I hope December has been good to you so far. Have you read any good books, seen any good movies, binge-watched any television series? Have you been to the theater or to a concert? Have you had any winter getaways? Have you encountered any new songs? Have you dreamed any dreams? Have you had any massages? Gone to any exotic restaurants, cooked any new dishes? Have you embarked on any new endeavors? Have you been drinking enough water?
Over Thanksgiving, my daughter encouraged me to add an app to my phone to calculate how much water I should drink every day; it helps keep track of how much I actually drink. It’s called Plant Nanny, and I’m happy to say, I’ve been drinking more water than ever because of it. Normally, I have been drinking about one tall glass of water a day, mainly because I never get naturally thirsty, so I never think about it. I also don’t like to drink water because when I do, I’m always running to the bathroom! But now, since Thanksgiving, I’ve been doing pretty well. I don’t always drink the 6 large containers a day I’m supposed to, but I usually get to five, a big improvement. 🙂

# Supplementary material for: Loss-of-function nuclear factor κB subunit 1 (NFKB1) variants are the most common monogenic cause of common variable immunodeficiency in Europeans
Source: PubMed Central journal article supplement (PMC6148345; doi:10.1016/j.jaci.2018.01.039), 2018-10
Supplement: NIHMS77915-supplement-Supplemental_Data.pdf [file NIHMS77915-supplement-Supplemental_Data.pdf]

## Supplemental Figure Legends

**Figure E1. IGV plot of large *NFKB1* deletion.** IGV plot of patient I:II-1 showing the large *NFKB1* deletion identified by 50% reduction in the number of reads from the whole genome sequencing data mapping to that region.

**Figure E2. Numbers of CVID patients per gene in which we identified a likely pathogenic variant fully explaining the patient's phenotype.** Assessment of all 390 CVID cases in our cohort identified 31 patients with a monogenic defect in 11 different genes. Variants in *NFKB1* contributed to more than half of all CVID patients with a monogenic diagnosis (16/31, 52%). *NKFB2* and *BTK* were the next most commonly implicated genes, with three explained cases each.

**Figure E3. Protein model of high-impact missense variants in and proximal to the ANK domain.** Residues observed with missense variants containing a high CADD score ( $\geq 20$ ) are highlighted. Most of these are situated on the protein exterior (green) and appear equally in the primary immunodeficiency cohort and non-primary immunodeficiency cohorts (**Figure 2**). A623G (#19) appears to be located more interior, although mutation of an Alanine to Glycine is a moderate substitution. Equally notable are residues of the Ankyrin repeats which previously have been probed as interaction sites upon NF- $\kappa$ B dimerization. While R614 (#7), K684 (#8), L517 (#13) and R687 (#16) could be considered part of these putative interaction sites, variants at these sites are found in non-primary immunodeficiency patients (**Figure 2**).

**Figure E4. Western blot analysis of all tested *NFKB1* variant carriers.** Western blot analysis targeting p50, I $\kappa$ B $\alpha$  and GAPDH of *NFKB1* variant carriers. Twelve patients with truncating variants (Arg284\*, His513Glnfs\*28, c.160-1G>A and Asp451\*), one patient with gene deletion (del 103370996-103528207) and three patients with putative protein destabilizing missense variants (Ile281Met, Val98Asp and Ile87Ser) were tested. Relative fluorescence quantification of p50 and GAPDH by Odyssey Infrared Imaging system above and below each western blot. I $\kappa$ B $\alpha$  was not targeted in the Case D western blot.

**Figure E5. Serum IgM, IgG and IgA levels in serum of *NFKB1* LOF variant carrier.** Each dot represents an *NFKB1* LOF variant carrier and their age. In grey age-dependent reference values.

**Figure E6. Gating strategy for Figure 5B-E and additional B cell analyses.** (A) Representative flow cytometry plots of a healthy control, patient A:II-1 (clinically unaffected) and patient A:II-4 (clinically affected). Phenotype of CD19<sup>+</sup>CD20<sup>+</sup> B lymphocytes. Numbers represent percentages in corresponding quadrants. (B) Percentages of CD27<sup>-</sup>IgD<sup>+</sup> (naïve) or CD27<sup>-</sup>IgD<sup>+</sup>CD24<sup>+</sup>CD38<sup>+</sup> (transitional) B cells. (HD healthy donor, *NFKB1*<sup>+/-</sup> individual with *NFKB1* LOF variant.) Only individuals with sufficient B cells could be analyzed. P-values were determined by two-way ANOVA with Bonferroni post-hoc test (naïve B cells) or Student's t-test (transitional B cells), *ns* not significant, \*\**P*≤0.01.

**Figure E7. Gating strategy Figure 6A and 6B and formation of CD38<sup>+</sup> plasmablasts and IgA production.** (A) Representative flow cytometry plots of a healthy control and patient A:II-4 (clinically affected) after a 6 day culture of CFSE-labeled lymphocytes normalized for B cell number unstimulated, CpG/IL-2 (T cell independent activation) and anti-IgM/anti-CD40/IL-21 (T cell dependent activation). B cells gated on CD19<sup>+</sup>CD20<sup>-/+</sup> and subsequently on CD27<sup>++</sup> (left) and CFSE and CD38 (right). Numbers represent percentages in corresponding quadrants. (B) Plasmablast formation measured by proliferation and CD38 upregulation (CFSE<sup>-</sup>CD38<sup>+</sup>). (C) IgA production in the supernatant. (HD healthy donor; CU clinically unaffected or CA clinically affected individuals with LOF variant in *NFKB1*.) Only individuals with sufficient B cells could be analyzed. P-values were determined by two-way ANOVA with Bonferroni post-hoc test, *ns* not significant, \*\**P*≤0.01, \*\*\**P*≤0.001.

I’ve been keeping track of area hikes organized by the Mid-Atlantic Hiking Group. I ended up joining a 7.7 mile hike around Burke Lake on Saturday, December 2 with a fun group. I met a lady named Susan who has walked the Camino de Santiago. She belongs to a group called the American Pilgrims on the Camino – Mid-Atlantic Chapter. She told me about an event scheduled for Saturday, the 9th: a hike followed by a wine-tasting. I was thrilled to learn about this group and am now on their mailing list. The group is for anyone who has ever done the Camino or who wants to do the Camino.